Adobe will also remove Flash Player from computers shortly.
Few technologies have created such a divisive and widespread passion as Flash. Many rave about its versatility and user-friendliness as a creative platform or its crucial role in the rise of web videos. Others loathe Flash-based advertising and web design or despise the resource intensity of the Flash Player plugin in later years.
Regardless of which side of the hatred you end up with, there's no denying that Flash has changed the way we consume, create, and interact with content on the web. It has shaped the internet of today.
But now, after about 25 years, Flash is finally coming to an end. In less than six months – December 2020 – Adobe will officially stop supporting and distributing Flash Player, the browser plugin that we all most associate with the technology. And already months before this end-of-life change, Flash was turned off in most web browsers (often marked as a security risk if you override the default settings). Even Google Chrome, the browser of choice for flash content for a long time, will soon remove Flash Player.
Technically speaking, technology will live on. The Flash authoring tool is part of Adobe Animate, while the rendering engine is included in Adobe AIR. This will be handed over to the enterprise electronics company Harman International for ongoing maintenance, as it is still widely used in the corporate division. But it's safe to say that Flash, as we know it, will soon say goodbye after a decade of decline.
Recognizing its service to all types of content creators and consumers, its contribution to the distribution of online video and multimedia content, and the split that the platform is pursuing, it is time to rethink the rise and fall of Flash – with a little help from its main creator Jonathan Gay; a number of web resources; and interviewing others who were involved in its ultimate success.
You may not know the name FutureSplash Animator, but you certainly know the software that created it
Birth or a wave of the future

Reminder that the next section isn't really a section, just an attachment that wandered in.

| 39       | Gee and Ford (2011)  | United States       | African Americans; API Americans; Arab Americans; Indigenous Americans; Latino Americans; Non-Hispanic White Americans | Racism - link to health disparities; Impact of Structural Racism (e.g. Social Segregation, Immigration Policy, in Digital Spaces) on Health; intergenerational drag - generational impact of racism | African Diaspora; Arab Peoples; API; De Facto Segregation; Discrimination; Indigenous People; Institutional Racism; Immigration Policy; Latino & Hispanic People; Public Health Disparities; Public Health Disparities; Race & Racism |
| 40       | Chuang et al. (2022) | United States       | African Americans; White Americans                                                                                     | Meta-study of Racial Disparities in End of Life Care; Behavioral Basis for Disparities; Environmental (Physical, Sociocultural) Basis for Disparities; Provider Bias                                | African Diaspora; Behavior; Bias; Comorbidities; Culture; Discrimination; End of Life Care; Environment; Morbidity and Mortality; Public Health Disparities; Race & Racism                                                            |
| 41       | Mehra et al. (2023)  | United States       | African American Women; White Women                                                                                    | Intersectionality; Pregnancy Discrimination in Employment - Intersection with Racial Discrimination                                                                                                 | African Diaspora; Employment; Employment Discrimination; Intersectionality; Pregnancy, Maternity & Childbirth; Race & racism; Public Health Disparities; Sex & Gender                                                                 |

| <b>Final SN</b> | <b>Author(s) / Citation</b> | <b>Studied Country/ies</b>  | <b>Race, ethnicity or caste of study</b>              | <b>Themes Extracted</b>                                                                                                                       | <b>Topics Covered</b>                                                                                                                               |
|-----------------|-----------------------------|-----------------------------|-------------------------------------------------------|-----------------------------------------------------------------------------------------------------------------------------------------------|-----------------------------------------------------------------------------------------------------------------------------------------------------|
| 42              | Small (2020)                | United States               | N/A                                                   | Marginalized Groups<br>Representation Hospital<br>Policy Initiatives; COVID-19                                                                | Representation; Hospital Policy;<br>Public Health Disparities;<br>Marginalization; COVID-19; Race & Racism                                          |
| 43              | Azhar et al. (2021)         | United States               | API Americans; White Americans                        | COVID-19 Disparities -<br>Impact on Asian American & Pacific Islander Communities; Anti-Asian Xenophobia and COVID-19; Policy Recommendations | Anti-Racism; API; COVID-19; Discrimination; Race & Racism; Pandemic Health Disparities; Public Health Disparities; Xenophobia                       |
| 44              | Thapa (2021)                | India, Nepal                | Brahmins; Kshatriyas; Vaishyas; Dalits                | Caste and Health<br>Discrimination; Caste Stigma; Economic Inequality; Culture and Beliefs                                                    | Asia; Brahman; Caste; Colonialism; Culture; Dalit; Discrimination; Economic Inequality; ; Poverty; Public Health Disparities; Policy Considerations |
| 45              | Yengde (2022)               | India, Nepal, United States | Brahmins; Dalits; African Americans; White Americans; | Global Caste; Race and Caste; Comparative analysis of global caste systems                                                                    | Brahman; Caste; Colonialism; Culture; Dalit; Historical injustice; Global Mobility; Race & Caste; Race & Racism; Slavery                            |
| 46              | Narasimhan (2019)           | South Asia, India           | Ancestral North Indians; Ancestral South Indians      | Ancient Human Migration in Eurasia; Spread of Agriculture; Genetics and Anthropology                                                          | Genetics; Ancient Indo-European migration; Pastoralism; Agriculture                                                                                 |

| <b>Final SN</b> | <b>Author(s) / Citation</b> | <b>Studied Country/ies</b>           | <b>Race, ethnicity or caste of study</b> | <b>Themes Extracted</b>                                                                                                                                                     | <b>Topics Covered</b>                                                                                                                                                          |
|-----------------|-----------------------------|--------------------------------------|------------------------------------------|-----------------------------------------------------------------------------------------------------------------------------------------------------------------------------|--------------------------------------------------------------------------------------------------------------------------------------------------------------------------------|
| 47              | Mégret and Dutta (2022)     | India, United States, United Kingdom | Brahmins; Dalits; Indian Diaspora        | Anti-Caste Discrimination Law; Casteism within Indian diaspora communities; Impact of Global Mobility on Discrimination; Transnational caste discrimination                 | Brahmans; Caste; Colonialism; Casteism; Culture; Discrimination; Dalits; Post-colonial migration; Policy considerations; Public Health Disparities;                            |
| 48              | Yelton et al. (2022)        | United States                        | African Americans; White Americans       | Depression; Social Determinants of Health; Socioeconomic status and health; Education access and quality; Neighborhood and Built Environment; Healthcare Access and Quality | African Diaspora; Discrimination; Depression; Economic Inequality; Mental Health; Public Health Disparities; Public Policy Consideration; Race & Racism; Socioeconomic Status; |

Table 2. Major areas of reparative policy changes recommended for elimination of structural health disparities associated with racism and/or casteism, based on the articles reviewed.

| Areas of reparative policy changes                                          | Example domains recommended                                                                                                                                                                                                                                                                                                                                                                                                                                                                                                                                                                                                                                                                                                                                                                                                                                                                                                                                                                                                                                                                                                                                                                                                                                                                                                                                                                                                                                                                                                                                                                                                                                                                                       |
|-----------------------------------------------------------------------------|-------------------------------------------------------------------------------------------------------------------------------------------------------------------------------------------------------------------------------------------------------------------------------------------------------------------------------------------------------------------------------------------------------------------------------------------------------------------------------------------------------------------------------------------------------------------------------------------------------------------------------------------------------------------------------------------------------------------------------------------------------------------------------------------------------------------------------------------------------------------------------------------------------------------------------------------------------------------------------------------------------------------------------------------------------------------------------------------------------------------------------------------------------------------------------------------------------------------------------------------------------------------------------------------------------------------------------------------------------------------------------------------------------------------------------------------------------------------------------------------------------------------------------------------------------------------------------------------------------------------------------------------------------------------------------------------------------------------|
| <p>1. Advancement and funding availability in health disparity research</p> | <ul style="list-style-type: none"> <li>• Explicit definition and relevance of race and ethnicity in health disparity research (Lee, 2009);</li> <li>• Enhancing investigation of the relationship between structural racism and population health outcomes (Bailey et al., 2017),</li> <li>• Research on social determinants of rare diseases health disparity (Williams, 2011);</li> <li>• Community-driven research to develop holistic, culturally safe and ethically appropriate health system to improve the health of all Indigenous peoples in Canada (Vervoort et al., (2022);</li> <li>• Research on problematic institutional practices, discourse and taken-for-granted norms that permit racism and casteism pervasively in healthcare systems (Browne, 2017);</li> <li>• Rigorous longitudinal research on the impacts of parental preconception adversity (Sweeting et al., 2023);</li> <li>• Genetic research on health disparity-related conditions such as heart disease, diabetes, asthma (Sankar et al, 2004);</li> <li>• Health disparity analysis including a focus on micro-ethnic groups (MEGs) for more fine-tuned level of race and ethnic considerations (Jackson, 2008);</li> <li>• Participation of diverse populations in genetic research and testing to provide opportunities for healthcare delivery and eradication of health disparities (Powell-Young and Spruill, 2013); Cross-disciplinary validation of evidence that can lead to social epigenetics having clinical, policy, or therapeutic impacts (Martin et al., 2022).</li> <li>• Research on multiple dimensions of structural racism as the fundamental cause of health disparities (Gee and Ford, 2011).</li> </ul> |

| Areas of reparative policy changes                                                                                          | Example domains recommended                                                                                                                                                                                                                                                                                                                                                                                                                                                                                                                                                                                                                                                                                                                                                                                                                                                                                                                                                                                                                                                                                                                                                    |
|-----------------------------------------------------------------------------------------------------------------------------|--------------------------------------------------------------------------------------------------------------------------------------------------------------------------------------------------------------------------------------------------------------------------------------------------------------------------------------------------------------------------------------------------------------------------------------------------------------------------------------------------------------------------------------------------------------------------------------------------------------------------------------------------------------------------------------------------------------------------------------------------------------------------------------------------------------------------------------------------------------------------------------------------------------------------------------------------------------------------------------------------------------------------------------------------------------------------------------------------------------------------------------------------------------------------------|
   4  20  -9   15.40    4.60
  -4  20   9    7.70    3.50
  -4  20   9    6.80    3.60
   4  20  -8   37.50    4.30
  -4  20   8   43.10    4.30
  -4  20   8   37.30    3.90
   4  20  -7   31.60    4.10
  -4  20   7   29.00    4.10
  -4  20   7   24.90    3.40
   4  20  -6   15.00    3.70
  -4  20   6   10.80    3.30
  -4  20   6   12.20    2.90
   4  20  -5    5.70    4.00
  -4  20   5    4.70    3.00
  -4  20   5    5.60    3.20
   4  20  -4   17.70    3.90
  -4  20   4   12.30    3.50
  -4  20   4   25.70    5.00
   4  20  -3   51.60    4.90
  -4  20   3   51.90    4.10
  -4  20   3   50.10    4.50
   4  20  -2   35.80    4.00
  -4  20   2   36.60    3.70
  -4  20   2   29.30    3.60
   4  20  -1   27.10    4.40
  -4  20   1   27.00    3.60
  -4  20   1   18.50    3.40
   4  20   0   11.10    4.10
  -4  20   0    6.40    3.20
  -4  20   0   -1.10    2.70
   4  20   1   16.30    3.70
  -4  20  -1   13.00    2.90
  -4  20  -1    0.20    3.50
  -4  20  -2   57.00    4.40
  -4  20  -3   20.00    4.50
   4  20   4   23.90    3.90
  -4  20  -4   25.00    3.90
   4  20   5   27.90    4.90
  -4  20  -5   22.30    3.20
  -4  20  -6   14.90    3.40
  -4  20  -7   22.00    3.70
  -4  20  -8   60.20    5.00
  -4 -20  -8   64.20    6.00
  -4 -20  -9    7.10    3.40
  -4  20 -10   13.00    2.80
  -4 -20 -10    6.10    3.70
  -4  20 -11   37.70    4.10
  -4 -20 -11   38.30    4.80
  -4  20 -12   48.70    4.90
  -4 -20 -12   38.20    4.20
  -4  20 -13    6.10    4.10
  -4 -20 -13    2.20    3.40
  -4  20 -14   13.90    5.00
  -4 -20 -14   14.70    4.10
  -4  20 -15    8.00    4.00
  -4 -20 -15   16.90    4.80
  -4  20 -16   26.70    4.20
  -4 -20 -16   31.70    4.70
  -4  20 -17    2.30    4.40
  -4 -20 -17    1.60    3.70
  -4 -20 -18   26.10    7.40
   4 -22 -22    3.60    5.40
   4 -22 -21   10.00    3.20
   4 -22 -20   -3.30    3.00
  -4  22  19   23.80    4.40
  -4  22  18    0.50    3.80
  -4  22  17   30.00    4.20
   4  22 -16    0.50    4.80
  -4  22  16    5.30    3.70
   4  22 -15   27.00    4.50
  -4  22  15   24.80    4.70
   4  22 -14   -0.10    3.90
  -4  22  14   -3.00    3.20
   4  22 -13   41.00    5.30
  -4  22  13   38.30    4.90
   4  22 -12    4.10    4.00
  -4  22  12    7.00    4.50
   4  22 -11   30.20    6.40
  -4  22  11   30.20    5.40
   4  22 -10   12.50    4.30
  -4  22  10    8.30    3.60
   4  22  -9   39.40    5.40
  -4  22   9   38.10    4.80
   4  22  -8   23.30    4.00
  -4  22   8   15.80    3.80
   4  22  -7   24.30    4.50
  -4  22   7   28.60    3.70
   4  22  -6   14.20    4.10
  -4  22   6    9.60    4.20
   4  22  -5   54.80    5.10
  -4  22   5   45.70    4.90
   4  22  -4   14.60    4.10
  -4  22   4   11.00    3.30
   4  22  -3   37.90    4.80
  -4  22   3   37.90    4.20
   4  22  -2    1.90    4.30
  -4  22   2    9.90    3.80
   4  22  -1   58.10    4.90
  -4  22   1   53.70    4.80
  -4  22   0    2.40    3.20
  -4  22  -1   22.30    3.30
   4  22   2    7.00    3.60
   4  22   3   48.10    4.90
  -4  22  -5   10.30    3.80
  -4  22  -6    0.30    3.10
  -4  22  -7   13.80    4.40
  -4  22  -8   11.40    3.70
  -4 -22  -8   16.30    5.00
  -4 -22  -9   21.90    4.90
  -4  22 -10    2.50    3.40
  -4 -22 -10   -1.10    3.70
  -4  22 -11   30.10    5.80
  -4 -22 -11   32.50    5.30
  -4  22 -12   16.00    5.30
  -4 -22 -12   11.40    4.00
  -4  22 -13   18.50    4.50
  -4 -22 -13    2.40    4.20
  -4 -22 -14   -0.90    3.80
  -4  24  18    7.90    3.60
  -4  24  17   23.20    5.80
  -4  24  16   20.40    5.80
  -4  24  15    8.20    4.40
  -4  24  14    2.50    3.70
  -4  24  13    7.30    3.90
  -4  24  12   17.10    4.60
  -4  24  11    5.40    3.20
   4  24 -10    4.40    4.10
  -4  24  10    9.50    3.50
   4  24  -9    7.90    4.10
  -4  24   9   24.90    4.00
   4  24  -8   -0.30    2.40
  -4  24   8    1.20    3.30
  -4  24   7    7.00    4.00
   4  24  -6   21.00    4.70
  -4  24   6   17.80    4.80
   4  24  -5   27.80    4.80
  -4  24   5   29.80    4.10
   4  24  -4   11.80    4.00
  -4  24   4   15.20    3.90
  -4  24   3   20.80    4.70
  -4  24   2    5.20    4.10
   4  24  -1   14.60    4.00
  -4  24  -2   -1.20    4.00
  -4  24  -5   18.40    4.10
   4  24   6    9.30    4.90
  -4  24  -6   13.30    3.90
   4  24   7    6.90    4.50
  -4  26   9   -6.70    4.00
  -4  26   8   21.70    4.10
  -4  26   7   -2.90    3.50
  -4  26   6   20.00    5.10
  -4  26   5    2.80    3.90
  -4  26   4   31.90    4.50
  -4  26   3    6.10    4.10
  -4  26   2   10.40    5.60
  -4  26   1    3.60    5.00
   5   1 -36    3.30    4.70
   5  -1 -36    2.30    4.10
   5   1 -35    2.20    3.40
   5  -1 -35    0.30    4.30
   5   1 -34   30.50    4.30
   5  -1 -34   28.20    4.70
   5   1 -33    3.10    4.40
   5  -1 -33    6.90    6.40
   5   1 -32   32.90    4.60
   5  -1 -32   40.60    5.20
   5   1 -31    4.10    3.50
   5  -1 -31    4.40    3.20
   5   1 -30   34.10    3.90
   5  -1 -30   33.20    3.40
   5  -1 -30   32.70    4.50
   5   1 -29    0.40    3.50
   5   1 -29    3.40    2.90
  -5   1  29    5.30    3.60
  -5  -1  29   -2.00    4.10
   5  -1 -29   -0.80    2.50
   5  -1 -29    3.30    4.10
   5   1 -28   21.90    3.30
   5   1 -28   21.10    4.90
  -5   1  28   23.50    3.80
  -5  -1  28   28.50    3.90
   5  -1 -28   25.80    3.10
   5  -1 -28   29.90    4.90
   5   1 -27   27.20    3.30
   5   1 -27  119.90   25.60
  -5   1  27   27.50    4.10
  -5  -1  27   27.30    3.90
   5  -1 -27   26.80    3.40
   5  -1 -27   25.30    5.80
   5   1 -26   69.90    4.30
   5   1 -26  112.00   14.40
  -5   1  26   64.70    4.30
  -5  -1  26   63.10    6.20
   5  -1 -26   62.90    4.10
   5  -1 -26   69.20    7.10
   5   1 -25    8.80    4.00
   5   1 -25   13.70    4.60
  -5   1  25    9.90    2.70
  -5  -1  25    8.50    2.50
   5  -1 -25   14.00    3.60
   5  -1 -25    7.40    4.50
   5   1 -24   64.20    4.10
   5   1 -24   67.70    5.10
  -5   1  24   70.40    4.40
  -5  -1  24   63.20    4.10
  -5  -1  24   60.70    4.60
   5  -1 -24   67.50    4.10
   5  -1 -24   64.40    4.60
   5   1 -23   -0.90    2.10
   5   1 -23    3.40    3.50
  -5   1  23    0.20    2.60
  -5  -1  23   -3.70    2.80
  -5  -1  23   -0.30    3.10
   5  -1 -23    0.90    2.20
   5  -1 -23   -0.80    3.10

Sometime in mid-1992, Jonathan Gay decided to start a company to do something. What exactly he hadn't found out. But something.
More than eight years earlier, his friend and former boss Charlie Jackson had founded Silicon Beach Software – a Mac-focused software company that had great success with its Dark Castle games and the creative tools SuperPaint and Digital Darkroom. Gay had been there as a teenage programmer from day one and worked after school in the afternoons. (Not just any programmer, but the "most phenomenal programmer" Jackson had ever seen.) In early 1990, to fund his dream of competing in the United States international rapid-fire pistol shooting (a dream he later fulfilled)) Jackson sold Silicon Beach to Aldus Corporation.
Gay asked Jackson for help starting this new company, but Jackson had six months to ban Aldus from competition and could not do anything until then. He told Gay to take the time to think about a product. The couple soon came up with the idea of developing software for GO Corporation's PenPoint operating system, an operating system designed specifically for tablet computers and personal digital assistants.
It was an impressive technology. PenPoint-based tablets might be the next big thing, and the new EO Personal Communicator, developed by a company from GO's hardware department, seemed particularly impressive.